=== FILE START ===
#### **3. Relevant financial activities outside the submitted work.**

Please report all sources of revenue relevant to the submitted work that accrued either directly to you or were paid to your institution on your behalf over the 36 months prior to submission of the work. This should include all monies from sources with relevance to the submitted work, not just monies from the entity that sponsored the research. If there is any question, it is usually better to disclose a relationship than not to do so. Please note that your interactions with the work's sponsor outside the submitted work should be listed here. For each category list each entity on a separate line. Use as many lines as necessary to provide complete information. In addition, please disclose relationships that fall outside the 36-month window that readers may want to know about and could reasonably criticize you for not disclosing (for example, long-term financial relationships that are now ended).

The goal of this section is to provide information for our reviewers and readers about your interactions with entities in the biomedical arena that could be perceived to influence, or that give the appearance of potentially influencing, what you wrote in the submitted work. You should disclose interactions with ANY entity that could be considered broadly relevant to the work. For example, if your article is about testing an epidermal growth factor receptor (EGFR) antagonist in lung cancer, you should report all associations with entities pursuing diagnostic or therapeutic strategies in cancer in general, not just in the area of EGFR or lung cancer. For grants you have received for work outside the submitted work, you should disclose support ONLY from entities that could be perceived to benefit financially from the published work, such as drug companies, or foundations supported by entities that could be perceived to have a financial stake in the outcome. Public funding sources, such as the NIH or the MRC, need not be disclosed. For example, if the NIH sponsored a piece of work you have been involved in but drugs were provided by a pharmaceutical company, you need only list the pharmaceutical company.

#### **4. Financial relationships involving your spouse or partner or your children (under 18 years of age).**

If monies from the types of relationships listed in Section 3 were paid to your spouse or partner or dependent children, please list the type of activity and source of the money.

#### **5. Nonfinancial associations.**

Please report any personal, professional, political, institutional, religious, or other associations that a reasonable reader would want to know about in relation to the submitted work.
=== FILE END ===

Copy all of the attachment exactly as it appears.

#### **3. Relevant financial activities outside the submitted work.**

Please report all sources of revenue relevant to the submitted work that accrued either directly to you or were paid to your institution on your behalf over the 36 months prior to submission of the work. This should include all monies from sources with relevance to the submitted work, not just monies from the entity that sponsored the research. If there is any question, it is usually better to disclose a relationship than not to do so. Please note that your interactions with the work's sponsor outside the submitted work should be listed here. For each category list each entity on a separate line. Use as many lines as necessary to provide complete information. In addition, please disclose relationships that fall outside the 36-month window that readers may want to know about and could reasonably criticize you for not disclosing (for example, long-term financial relationships that are now ended).

The goal of this section is to provide information for our reviewers and readers about your interactions with entities in the biomedical arena that could be perceived to influence, or that give the appearance of potentially influencing, what you wrote in the submitted work. You should disclose interactions with ANY entity that could be considered broadly relevant to the work. For example, if your article is about testing an epidermal growth factor receptor (EGFR) antagonist in lung cancer, you should report all associations with entities pursuing diagnostic or therapeutic strategies in cancer in general, not just in the area of EGFR or lung cancer. For grants you have received for work outside the submitted work, you should disclose support ONLY from entities that could be perceived to benefit financially from the published work, such as drug companies, or foundations supported by entities that could be perceived to have a financial stake in the outcome. Public funding sources, such as the NIH or the MRC, need not be disclosed. For example, if the NIH sponsored a piece of work you have been involved in but drugs were provided by a pharmaceutical company, you need only list the pharmaceutical company.

#### **4. Financial relationships involving your spouse or partner or your children (under 18 years of age).**

If monies from the types of relationships listed in Section 3 were paid to your spouse or partner or dependent children, please list the type of activity and source of the money.

#### **5. Nonfinancial associations.**

Please report any personal, professional, political, institutional, religious, or other associations that a reasonable reader would want to know about in relation to the submitted work.